A Look at Female Heroism (and Lack Thereof) in the Music of the Lumineers

by Maya Khesin
I fell in love with the Lumineers’ music last summer, and this love and admiration only intensified when I was lucky enough to be able to go to their concert just a few weeks before the new strain of the coronavirus closed schools and businesses and certainly excluded the possibility of live performances. The more I explored the Lumineers’ music, the more I’ve noticed the prevalence of female names in the titles of their songs. The Lumineers currently have seven songs named after women: Elouise, Darlene, Ophelia, Cleopatra, Angela, Donna, and Gloria. The particular depth and intricacy with which the Lumineers portray three of these women – Gloria, Cleopatra, and Angela – has led me to wonder whether there is a connection between these women and female heroines in nineteenth-century literature.
The concept of female heroism in literature was brought into mainstream attention by authors of the nineteenth century such as Jane Austen, Charlotte Brontë, and Louisa May Alcott. Each of these authors showcase women displaying agency within their own sphere. For example, Austen’s Pride and Prejudice shows Elizabeth Bennet, an intelligent and wise young woman, breaking free of the expectation that she should marry for money and instead looking for deeper elements of attraction, such as personality and intellect. In Jane Eyre, Brontë’s self-reliant protagonist Jane finds happiness in a loving marriage and a well-respected job as a governess despite years of abuse growing up in her aunt’s home. In Alcott’s Little Women, the main character, Jo March, defies stereotypical femininity by being the breadwinner for her family: she sells her writing as well as her hair, which is a traditional definer of femininity.
The Lumineers also craft narratives that showcase an interesting interplay between heroism and womanhood.
Their latest album, III, discusses Gloria’s failure as a mother and a wife (both roles that are prevalent in the traditional sphere of women) as well as her generational impact on her family.
Gloria’s failure as a mother is evidenced in the line “you couldn’t sober up to hold a baby” (from the song “Donna”). In the music video for “Gloria,” Gloria is seen holding a baby, so this line is meant to be taken figuratively: her alcoholism prevents her from fully nurturing her children.
The song “Leader of the Landslide” is written from the perspective of Gloria’s grandson, Junior. Junior’s father and Gloria’s son, Jimmy, is portrayed in the music video for “Leader of the Landslide” as an abusive alcoholic; we also learn later in the album, in the song “Jimmy Sparks,” that he has a gambling addiction. In “Leader of the Landslide,” Junior realizes that his damaged relationship with his father actually stems from his grandmother’s alcoholism (“finally I can see you as the leader of the landslide”), which has manifested in the way she raised Jimmy.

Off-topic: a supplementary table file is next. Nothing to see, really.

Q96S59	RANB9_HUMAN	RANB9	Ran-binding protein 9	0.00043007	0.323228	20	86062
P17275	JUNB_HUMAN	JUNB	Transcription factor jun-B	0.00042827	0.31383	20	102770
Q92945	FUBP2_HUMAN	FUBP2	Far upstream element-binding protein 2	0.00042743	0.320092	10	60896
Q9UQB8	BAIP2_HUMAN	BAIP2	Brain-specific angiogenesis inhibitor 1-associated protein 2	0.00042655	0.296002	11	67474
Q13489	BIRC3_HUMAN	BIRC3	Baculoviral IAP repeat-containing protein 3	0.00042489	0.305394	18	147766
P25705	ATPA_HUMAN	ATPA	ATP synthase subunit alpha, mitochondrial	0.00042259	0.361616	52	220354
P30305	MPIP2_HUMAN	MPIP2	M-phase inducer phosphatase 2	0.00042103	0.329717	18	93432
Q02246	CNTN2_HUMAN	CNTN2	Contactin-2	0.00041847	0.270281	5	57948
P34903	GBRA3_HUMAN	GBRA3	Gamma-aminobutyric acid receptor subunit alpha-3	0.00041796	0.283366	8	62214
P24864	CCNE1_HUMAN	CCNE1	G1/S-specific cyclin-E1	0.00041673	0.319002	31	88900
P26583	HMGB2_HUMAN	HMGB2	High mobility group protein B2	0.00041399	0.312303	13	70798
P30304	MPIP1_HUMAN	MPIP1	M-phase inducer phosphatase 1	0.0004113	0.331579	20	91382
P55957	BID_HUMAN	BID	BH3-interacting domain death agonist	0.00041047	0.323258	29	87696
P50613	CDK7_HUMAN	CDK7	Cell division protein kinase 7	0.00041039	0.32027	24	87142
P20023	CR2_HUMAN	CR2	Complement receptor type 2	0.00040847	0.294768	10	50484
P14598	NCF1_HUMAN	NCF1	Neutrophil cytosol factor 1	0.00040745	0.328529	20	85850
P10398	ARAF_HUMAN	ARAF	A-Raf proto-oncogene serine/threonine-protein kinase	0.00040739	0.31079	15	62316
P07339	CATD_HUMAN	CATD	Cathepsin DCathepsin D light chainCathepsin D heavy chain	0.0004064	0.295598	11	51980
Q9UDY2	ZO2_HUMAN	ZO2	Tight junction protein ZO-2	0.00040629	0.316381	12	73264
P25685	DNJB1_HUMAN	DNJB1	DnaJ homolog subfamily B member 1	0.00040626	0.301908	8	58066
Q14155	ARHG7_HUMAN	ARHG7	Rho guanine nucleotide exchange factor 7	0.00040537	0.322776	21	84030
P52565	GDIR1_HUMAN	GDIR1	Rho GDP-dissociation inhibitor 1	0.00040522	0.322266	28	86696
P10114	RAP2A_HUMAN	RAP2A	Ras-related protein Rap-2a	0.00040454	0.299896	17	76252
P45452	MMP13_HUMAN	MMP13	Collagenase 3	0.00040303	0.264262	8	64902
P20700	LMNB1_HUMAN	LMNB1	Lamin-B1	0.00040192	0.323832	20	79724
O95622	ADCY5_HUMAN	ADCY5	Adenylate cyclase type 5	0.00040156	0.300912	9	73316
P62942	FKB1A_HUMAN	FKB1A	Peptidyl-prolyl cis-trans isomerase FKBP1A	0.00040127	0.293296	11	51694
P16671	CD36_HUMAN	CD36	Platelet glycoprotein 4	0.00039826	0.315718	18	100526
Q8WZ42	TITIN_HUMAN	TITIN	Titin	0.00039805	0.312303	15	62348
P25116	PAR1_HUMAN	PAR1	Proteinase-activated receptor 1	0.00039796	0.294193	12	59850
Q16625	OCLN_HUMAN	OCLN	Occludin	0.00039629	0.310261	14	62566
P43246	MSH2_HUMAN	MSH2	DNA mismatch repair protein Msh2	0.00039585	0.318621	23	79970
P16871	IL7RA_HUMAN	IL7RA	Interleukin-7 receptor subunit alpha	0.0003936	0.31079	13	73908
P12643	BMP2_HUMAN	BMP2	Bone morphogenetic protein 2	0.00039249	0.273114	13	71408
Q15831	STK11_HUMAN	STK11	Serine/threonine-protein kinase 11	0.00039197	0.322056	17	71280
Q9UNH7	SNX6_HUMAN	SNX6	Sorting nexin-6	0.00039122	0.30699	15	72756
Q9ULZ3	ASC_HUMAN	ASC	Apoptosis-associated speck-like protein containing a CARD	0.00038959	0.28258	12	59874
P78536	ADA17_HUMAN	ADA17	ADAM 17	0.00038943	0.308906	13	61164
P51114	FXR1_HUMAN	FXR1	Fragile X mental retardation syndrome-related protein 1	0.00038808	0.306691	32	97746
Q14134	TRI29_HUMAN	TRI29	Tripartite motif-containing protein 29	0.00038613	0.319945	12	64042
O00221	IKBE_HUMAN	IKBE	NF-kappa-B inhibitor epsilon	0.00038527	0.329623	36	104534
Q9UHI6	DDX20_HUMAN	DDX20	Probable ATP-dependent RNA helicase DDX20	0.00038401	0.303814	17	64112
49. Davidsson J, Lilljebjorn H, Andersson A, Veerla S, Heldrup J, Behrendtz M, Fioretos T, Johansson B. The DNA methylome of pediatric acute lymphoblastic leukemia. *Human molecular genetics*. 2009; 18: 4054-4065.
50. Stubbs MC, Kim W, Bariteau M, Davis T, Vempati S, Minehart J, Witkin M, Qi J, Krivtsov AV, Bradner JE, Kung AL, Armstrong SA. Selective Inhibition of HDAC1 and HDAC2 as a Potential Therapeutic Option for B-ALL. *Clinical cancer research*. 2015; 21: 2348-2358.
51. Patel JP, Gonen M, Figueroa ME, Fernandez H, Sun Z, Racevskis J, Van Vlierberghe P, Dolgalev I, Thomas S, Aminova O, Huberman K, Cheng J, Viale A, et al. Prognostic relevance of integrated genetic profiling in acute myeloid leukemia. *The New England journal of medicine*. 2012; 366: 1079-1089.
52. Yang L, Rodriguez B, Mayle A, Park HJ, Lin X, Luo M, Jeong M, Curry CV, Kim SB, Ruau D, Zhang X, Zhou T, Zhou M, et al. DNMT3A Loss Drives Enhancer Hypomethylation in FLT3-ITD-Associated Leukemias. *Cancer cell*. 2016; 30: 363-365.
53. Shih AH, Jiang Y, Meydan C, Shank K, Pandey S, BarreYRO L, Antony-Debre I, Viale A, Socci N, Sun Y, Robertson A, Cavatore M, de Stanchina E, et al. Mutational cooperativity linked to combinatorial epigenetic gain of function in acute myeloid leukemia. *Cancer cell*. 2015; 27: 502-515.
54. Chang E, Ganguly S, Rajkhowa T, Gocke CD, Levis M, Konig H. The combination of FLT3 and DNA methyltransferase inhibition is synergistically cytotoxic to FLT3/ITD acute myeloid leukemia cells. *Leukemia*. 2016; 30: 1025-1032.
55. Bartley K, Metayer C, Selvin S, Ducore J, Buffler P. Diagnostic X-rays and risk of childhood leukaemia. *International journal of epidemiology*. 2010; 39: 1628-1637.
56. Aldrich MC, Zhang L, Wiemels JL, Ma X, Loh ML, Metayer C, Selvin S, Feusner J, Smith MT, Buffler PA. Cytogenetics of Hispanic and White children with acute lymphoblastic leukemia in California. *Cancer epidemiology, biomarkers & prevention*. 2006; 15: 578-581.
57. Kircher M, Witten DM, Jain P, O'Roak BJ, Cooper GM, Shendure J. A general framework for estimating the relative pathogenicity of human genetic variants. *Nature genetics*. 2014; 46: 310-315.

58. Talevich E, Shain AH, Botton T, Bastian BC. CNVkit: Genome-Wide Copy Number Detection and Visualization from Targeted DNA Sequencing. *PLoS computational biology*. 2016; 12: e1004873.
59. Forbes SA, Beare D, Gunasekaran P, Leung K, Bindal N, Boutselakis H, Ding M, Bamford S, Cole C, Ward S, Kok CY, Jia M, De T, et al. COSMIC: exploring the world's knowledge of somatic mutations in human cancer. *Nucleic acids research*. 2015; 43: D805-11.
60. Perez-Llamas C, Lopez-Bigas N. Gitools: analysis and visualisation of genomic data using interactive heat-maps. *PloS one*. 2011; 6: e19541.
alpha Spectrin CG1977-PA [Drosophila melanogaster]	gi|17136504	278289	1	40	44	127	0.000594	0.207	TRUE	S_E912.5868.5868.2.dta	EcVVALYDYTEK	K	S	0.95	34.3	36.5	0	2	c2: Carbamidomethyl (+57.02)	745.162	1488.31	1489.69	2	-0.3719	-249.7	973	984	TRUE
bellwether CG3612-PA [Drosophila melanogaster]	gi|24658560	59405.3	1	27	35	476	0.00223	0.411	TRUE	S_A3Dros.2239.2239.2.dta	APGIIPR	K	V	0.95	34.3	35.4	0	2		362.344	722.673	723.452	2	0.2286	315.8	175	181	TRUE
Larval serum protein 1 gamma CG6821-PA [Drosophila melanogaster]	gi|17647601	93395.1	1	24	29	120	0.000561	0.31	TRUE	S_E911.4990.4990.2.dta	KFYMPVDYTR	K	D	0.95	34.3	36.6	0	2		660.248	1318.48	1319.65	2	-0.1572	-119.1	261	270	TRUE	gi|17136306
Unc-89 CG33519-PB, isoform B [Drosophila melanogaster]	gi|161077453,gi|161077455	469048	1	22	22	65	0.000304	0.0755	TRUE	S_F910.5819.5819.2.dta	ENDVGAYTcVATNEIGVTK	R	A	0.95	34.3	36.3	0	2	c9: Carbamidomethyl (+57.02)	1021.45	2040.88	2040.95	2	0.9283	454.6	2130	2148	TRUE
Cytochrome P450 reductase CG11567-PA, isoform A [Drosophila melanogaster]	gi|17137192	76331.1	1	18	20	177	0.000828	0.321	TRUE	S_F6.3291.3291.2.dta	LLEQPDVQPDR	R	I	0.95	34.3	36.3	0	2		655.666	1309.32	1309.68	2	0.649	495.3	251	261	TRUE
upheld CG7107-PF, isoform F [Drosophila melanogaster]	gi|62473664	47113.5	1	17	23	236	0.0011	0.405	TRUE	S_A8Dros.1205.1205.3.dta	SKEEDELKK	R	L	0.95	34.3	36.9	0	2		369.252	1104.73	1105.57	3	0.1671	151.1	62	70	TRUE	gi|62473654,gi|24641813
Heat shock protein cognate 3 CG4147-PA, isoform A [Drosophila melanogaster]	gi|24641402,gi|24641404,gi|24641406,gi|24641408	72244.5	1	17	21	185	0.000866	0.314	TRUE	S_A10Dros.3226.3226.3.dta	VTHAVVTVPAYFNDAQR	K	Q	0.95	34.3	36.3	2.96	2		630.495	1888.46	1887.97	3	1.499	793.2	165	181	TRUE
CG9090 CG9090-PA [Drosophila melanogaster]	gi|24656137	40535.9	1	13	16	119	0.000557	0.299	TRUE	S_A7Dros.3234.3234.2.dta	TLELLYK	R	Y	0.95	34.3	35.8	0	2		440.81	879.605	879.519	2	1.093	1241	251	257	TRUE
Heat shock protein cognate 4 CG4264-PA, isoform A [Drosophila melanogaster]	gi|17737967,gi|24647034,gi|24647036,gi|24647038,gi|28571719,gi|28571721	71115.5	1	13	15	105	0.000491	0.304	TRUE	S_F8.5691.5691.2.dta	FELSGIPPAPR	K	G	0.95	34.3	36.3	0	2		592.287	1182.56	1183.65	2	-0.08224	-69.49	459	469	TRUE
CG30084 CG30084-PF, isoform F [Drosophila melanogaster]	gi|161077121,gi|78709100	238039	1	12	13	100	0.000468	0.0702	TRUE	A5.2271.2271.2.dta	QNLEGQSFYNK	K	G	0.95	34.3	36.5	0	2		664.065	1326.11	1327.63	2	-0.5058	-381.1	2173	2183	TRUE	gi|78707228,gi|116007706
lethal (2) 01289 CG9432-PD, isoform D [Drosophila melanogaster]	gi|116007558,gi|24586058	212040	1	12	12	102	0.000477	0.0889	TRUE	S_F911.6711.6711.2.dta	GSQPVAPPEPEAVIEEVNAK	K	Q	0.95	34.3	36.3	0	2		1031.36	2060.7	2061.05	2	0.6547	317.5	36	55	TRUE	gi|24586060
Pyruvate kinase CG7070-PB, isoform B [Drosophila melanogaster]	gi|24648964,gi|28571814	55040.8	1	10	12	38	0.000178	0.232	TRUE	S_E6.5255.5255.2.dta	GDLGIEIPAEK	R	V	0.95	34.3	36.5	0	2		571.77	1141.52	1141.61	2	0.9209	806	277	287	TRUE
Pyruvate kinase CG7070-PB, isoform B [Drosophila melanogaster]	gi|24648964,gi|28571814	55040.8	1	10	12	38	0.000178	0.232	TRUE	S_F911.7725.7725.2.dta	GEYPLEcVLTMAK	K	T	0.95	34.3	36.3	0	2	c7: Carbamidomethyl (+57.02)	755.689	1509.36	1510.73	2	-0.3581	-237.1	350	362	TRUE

The song “Gloria” is written from Gloria’s husband’s perspective, and it describes the effect his wife’s alcoholism has on him and the children. A particularly poignant line in the song is “my hand was tied to yours.” This line shows that Gloria drags her husband down with her as she descends into addiction. Thus, she fails as a wife, as her relationship with her husband takes a major toll on him.
Despite her loving marriage to her angelically patient husband who forgives her even when she cheats on him, Gloria cannot find happiness. A recurring line in the song “Donna” is “you hate the name Donna.” Donna is her mother – the fact that Gloria hates her mother’s name reveals the extent to which her relationship with her mother has stained her life. She also feels confined in her rural environment. The end of the music video for “Donna” shows a frantic Gloria running out of the house and stripping down to her bare skin, perhaps as a grasp for freedom. In the music video for “Life in the City,” Gloria travels to the city for a night as a means to momentarily escape rural life but ends up having sex with a stranger in a phonebooth while drunk and high. At the end of the video, she comes home to her sleeping husband filled with guilt and regret. In a way, she has failed in life altogether, as some believe that it is the goal of our existence to find happiness and self-actualization. Gloria’s character demonstrates a lack of nineteenth-century female heroism, as she fails both in her sphere as a woman and in her personal life.